You can paint the aluminum if you want. Sand the whole surface with 120 or even 200-grit sandpaper, clean it with detergent, rinse it, dry it well, and then prime with a primer that sticks to aluminum (this Rustoleum one works). After that, you can spray it any color you want.
Mount the elevator bolts
If you are using elevator bolts, they have a square area under the head that you’ll need to press into the aluminum. It helps if you drill the hole for the bolt slightly oversized, but still small enough that the square section under the bolt head doesn’t slide into the hole. Remember, the square part needs to bite into the aluminum so that the bolt doesn’t turn when you tighten the nut down on to it.
Put the bolt loosely in place, and cover the threaded side with a wrench socket that is longer than the threads.
Now put this in a vice and clamp it down, or if you don’t have a vice, tap the bolt head with a hammer.
This will press the square section of the bolt into the aluminum and hold it firmly.
Put it all together
Now it’s time to bolt down the fork mount and attach the L-track stud.
With the piece assembled, check that it doesn’t rock from side to side. If it does, you can glue shims on to the underside of the metal. We used some rubber mat, but plastic or metal shims would do just as well.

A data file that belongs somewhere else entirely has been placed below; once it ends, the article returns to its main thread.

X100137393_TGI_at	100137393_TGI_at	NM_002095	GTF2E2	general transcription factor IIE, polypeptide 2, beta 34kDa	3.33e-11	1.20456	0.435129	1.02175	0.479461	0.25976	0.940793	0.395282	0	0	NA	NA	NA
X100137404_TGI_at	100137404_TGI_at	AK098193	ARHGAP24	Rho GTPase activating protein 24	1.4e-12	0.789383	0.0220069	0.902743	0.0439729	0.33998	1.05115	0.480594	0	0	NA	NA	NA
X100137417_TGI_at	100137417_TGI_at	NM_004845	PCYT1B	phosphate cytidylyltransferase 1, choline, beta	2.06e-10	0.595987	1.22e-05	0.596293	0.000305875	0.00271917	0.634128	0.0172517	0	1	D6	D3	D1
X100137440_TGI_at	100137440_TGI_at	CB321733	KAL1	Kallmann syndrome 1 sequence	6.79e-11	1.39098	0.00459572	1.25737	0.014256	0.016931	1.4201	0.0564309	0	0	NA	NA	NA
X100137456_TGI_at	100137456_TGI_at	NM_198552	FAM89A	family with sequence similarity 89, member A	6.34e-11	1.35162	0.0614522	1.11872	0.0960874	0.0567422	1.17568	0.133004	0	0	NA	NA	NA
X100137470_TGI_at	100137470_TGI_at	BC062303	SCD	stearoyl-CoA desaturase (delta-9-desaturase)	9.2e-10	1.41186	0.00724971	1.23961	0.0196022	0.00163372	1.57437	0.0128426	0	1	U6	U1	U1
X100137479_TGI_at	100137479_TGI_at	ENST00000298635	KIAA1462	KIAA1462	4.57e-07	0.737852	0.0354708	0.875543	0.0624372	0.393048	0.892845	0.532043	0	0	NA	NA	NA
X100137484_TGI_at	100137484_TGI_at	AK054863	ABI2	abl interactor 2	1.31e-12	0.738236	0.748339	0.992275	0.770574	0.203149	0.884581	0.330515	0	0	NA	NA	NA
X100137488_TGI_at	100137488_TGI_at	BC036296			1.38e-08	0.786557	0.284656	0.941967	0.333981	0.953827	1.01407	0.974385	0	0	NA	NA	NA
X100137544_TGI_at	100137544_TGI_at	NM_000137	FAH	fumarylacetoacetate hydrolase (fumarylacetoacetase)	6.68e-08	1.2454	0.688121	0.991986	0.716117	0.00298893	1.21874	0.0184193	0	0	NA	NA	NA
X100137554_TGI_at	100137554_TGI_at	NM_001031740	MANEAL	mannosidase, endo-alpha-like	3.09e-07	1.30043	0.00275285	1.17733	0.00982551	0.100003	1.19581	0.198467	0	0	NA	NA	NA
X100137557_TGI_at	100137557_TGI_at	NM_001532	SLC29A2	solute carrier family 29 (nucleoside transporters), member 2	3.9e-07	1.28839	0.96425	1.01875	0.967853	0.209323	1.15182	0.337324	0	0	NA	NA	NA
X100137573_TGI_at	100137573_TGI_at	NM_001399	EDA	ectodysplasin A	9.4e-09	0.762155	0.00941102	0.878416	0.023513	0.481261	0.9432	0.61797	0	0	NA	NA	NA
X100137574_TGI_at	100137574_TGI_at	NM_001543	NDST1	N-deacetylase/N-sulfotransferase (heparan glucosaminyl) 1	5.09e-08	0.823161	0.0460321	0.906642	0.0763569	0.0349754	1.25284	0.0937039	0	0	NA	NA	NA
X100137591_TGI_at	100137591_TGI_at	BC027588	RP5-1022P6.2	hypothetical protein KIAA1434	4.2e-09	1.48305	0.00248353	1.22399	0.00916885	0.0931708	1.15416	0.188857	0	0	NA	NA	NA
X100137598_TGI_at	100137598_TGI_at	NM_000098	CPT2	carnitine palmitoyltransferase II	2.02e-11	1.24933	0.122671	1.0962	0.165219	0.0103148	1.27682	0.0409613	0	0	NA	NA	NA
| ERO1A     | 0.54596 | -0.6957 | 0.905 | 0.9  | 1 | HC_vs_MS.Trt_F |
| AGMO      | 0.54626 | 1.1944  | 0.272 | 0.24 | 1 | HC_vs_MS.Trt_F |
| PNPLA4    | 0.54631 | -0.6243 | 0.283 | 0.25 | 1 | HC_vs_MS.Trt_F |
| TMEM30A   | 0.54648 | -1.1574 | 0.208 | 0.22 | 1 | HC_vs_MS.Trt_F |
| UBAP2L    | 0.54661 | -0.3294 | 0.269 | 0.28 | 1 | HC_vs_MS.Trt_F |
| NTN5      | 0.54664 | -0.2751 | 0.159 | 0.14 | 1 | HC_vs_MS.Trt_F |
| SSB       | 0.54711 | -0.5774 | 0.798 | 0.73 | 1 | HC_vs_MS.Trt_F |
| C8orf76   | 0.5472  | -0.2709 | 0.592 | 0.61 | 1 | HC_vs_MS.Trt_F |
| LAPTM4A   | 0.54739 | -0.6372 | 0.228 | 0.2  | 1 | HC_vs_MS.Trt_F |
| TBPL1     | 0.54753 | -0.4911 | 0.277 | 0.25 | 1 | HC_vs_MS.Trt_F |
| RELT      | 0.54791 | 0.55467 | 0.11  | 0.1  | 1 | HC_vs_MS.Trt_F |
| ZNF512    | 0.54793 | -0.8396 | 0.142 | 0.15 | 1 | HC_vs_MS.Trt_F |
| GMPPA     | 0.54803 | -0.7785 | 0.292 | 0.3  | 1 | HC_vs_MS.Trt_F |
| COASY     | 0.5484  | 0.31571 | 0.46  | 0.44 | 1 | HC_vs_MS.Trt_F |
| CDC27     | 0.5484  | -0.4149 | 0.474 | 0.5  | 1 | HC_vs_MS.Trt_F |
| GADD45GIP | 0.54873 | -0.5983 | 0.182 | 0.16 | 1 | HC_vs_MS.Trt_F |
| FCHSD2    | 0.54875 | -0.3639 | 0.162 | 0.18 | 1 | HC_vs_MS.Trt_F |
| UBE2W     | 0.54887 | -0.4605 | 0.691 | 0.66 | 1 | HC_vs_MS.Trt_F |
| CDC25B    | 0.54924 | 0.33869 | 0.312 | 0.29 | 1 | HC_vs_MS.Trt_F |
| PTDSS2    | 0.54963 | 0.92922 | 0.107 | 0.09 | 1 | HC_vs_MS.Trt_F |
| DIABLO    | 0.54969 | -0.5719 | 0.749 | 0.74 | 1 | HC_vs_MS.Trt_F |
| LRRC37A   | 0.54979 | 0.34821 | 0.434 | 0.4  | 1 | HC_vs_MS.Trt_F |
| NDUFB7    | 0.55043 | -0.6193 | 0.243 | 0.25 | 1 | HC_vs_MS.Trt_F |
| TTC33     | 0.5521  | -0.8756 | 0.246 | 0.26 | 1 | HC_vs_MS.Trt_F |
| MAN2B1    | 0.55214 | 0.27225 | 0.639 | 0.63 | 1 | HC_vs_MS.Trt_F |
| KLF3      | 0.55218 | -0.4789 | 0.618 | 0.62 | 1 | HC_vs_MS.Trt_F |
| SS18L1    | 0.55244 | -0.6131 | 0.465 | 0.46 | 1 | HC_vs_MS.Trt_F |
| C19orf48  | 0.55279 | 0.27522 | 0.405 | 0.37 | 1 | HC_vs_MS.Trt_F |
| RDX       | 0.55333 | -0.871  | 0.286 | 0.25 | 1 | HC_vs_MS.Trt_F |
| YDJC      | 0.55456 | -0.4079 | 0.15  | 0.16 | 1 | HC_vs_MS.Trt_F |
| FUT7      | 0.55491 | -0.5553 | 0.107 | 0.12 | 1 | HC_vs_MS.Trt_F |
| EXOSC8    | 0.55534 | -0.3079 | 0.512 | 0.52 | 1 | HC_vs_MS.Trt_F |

Using the fork mount
We’ve found that these fork mounts are super-useful. You can position them wherever you want and on whatever angle you want. They are much more flexible to use than if you’d just bolted the fork mount to a plank of wood.
If you wanted, you could drill holes for two L-track bolts to fix the mount more firmly, but we like the ability to turn the mount to any angle.
If we have friends’ bikes in the van, we can quickly move the mounts to accommodate their different setup. They also remove really fast, so if we need to use the van for some non-biking activity the mounts can get thrown in a plastic tub out of the way or just bolted to one of the wall mounted pieces of L-track.
13 Replies to “How to make L-track bike fork mounts”
Sweet! Thanks for posting this. Super helpful!
Nice! I did a very similar bike mount. Really inexpensive. The only difference is that I used a longer base plate with a couple of different mounting holes. We found that using a larger base plate allowed us to stagger handlebars. Particularly useful when mixing MTBs and drop bars (plus thru axle and qr forks), or trying to get four road/gravel/cx bikes in. But I love the smaller profile of yours! Very clean. I may have to revisit ours and see if I can cut down the base plate a bit.
Do you find that the track channel on the floor of the van fills with dirt? Is it a pain to clean out?